WASHINGTON - Timing, like money, isn't everything, but in politics it sure beats whatever is in second place. With that in mind, it is significant that Sen. Barack Obama, D-Ill., who has turned down innumerable invitations, chose this particular time to do his first nationally televised sit-down interview since taking office. If ever there was a time when America needed to hear the unifying come-together voice that Mr. Obama unveiled during his memorable keynote speech at the 2004 Democratic National Convention, it was now. Hurricane Katrina has left the biggest eruption over race and class that America has seen since, oh, the last century.
NEWS
By C. Fraser Smith | January 20, 2002
IN JULY 1975, shortly after the death of Lillie May Jackson, an Evening Sun editorial writer observed that she had been one of Baltimore's "earliest and fiercest fighters for her people's rights." That tribute met with some scorn from Hans Froelicher Jr., an educator and one of Baltimore's civic leaders. "What do you mean `her people's rights'?" he asked in a letter to the editor. "Are they not your rights and my rights? Was not Mrs. Jackson really fighting from the heart for your heart and mine and for our self-respect?"
TOPIC
By Ishmael Reed | December 24, 2000
MANY PEOPLE of the world follow events in the United States with interest, even fascination. During my trips to Asia, Europe and Africa, I have met foreign intellectuals who know more about the politics of this country than many American citizens. For example, while visiting Nigeria last year, I met writers and journalists who knew every detail of the impeachment trial of President Clinton. Last month, I visited universities and met with intellectuals, writers and students in Jordan, Egypt, Lebanon and Israel.
SPORTS
By Sandra McKee and Sandra McKee,SUN STAFF | July 11, 1999
If you want to get Bob Kersee animated, just suggest to him that his venture into Winston Cup Racing should be designed for the pure benefit of minorities in a sport that is nearly snow white."
NEWS
By David Horowitz | July 28, 1996
LOS ANGELES -- This is the billion-dollar summer in Hollywood and the hundred-million-dollar war in the National Basketball Association. But nobody has noticed what these spectacular seasons mean for race relations in America.The ''war'' refers to the fact that four or five players in the NBA, including Alonzo Mourning, Shaquille O'Neal and Juwan Howard, recently signed multiyear contracts for $100 million, give or take a few dollars. Michael Jordan, superstar nonpareil, received $30 million for one year alone.
NEWS
By Leonard Pitts Jr | April 23, 1996
MIAMI -- With the benefit of hindsight and the restoration of relative calm, it feels like a bad dream, an ugly aberration that couldn't have happened -- meaning the firestorm of controversy surrounding the acquittal of O.J. Simpson -- the moment of meltdown when America threw a tantrum on the issue of race.Looking back, the most striking thing about that October surprise is not the debate over Simpson's guilt or innocence or even, per se, that blacks and whites tended to hold different views of the trial.
NEWS
By MICHAEL OLESKER | December 14, 1995
When he was growing up around West Baltimore's Robert and Division streets, anxious and angry and out of control, Kweisi Mfume always knew about an organization called the NAACP, whose national leadership he is about to assume.The National Association for the Advancement of Colored People was the great godsend to black people searching for white America's conscience. It was Clarence Mitchell and Lillie Mae Jackson, whose faces humanized the civil rights struggle throughout Mfume's neighborhood.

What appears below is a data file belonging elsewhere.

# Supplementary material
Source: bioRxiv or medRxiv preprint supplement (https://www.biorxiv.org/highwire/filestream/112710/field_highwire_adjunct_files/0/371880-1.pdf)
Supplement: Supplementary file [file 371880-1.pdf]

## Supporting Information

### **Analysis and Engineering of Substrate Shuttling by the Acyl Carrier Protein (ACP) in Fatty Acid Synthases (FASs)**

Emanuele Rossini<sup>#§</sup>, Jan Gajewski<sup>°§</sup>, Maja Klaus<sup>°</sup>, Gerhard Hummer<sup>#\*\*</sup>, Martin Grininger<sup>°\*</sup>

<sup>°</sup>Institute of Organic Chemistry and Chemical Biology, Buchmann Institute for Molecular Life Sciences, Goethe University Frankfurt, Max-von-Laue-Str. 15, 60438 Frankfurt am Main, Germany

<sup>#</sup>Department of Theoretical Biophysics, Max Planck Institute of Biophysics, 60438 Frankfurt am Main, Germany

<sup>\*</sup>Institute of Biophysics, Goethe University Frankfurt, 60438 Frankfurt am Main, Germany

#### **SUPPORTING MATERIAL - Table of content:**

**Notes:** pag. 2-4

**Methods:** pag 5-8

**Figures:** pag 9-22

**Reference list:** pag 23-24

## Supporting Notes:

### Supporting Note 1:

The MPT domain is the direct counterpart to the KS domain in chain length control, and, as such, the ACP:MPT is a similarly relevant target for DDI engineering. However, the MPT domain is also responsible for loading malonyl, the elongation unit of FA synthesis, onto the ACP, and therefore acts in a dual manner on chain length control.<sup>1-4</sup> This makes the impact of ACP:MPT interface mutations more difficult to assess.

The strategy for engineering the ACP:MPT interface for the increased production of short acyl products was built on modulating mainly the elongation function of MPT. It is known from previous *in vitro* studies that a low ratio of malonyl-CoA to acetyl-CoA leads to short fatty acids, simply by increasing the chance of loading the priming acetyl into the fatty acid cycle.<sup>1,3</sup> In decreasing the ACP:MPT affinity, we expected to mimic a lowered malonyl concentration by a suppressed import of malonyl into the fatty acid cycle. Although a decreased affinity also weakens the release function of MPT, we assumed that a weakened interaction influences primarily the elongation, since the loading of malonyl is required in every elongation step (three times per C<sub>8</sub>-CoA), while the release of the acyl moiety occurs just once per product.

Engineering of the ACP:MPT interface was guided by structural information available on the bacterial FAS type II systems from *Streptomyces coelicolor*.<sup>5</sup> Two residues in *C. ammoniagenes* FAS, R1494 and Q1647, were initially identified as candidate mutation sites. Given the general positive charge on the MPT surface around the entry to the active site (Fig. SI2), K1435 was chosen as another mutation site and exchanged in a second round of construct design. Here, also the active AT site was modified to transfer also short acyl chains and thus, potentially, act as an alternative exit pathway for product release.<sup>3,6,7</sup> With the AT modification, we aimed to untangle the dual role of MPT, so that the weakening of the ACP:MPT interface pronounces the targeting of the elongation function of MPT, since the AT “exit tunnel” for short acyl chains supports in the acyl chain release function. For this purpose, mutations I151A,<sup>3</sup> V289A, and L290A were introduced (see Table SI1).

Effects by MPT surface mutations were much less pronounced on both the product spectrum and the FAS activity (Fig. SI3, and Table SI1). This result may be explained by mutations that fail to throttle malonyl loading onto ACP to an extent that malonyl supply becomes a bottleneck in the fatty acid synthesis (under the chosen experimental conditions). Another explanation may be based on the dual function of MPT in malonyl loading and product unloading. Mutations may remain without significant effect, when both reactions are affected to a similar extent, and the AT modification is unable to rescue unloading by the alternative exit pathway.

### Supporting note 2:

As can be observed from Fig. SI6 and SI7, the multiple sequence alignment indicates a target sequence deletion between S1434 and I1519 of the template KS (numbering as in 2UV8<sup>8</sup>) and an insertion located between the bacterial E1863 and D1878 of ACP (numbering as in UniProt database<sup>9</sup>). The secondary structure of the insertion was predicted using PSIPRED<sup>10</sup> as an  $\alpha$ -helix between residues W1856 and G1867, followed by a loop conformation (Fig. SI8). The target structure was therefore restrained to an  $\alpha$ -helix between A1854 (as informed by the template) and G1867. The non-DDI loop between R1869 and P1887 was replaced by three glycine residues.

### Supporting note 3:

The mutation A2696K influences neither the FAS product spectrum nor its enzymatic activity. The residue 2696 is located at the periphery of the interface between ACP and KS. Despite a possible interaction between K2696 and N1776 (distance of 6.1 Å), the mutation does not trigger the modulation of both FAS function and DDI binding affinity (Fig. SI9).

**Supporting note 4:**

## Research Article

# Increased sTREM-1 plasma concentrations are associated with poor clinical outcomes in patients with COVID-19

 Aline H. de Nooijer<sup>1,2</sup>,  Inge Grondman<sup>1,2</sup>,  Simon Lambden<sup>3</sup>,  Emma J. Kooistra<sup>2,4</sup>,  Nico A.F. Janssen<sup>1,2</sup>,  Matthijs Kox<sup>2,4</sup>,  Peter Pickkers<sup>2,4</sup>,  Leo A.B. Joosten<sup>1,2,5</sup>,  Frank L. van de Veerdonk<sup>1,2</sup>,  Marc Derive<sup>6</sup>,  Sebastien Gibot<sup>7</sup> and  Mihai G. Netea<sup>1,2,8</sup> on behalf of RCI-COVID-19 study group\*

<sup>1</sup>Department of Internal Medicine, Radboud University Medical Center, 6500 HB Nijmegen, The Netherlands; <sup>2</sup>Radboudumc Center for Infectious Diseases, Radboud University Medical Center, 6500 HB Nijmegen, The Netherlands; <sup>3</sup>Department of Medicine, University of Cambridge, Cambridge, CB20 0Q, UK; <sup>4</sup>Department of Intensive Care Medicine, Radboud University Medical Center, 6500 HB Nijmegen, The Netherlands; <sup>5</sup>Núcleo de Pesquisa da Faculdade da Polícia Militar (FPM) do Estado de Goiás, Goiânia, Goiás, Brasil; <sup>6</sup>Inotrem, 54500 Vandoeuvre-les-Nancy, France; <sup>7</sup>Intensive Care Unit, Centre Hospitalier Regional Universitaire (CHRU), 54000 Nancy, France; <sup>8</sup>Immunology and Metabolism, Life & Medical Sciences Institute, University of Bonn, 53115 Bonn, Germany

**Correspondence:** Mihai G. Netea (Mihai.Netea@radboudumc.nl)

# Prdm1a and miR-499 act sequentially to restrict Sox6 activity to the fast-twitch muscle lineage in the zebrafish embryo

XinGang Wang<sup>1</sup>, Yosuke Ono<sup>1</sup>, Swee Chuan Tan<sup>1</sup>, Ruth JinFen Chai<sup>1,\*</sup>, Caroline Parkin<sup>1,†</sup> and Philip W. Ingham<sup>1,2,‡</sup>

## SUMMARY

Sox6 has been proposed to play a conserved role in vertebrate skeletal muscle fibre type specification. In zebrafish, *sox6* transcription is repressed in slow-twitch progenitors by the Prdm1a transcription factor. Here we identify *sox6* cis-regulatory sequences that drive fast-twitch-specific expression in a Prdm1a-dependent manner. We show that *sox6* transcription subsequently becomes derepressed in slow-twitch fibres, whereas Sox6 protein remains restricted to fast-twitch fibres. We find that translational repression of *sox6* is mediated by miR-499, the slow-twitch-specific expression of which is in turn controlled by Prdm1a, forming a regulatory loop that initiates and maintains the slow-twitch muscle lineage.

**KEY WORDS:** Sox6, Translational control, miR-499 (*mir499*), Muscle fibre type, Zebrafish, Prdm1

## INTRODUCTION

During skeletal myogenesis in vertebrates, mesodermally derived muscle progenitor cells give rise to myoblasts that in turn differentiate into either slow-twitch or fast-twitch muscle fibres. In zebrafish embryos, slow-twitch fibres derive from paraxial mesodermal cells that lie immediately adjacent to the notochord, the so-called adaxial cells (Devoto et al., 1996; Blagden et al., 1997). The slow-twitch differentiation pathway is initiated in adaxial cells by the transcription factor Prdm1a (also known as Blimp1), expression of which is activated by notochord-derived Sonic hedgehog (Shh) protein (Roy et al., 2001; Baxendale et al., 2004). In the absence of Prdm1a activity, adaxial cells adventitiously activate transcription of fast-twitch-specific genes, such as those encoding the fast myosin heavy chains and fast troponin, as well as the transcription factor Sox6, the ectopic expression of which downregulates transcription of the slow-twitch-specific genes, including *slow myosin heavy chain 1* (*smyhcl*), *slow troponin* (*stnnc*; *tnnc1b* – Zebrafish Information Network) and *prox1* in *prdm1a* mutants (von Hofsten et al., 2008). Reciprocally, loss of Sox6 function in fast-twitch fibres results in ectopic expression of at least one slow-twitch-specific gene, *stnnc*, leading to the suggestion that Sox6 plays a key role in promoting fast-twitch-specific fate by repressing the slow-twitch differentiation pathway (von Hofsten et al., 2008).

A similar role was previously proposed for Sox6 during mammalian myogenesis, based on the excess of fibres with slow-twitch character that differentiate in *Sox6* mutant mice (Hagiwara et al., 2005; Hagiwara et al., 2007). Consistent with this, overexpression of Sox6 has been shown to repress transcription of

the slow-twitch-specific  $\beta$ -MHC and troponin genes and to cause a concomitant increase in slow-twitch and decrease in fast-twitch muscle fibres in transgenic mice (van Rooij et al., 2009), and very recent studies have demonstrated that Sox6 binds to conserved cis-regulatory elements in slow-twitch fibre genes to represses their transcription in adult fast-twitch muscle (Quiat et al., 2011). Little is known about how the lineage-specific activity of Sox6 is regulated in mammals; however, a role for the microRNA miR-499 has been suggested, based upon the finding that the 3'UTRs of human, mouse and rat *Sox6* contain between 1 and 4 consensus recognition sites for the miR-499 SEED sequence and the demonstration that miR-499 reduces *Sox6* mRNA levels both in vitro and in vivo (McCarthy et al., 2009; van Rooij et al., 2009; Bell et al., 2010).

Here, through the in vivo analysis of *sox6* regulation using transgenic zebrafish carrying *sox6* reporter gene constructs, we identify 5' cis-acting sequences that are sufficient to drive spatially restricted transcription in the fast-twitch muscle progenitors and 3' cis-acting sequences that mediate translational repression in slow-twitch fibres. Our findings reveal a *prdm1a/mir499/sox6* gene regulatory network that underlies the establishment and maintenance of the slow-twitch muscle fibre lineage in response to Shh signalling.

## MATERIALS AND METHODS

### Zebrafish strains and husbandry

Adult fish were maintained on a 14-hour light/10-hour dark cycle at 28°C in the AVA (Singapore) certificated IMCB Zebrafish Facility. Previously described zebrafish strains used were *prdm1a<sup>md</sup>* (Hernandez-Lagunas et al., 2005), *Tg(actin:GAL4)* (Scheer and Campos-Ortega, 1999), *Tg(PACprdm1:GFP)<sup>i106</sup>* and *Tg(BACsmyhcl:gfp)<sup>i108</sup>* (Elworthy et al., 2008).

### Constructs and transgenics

NEWS
By ROGER SIMON | November 9, 1994
I am not sure why some people are so shocked that Susan Smith blamed the kidnapping of her two children in Union, S.C., on a black man.I figure anyone evil enough to kill her own children is certainly evil enough to be a racist.But in the aftermath of this sad and bizarre tale has come the accusation that the reason white America was so quick to believe Smith's tale was because a black perpetrator was allegedly involved.In reality, however, I don't know many people who believed Smith's story.
NEWS
By Clarence Page | February 20, 1996
WASHINGTON -- In the wake of the O.J. Simpson verdict, the Million Man March and endless consternation over escalating violence and incarceration rates among black youths, Darrell Dawsey's ''Living to Tell About It: Young Black Men in America Speak Their Piece'' comes right on time.While much has been written, spoken and agonized about the condition of young black men in the post-'60s era, we hear too little from the young males who are the subjects of all the talk.In one recent, particularly telling episode, Kweisi Mfume, president-elect of the National Association for the Advancement of Colored People, observed near the end of a day-long conference in Washington on youth troubles that the conferees had heard from just about everyone of note but the members of the generation that was being discussed.
NEWS
By MICHAEL OLESKER | December 14, 1995
When he was growing up around West Baltimore's Robert and Division streets, anxious and angry and out of control, Kweisi Mfume always knew about an organization called the NAACP, whose national leadership he is about to assume.The National Association for the Advancement of Colored People was the great godsend to black people searching for white America's conscience. It was Clarence Mitchell and Lillie Mae Jackson, whose faces humanized the civil rights struggle throughout Mfume's neighborhood.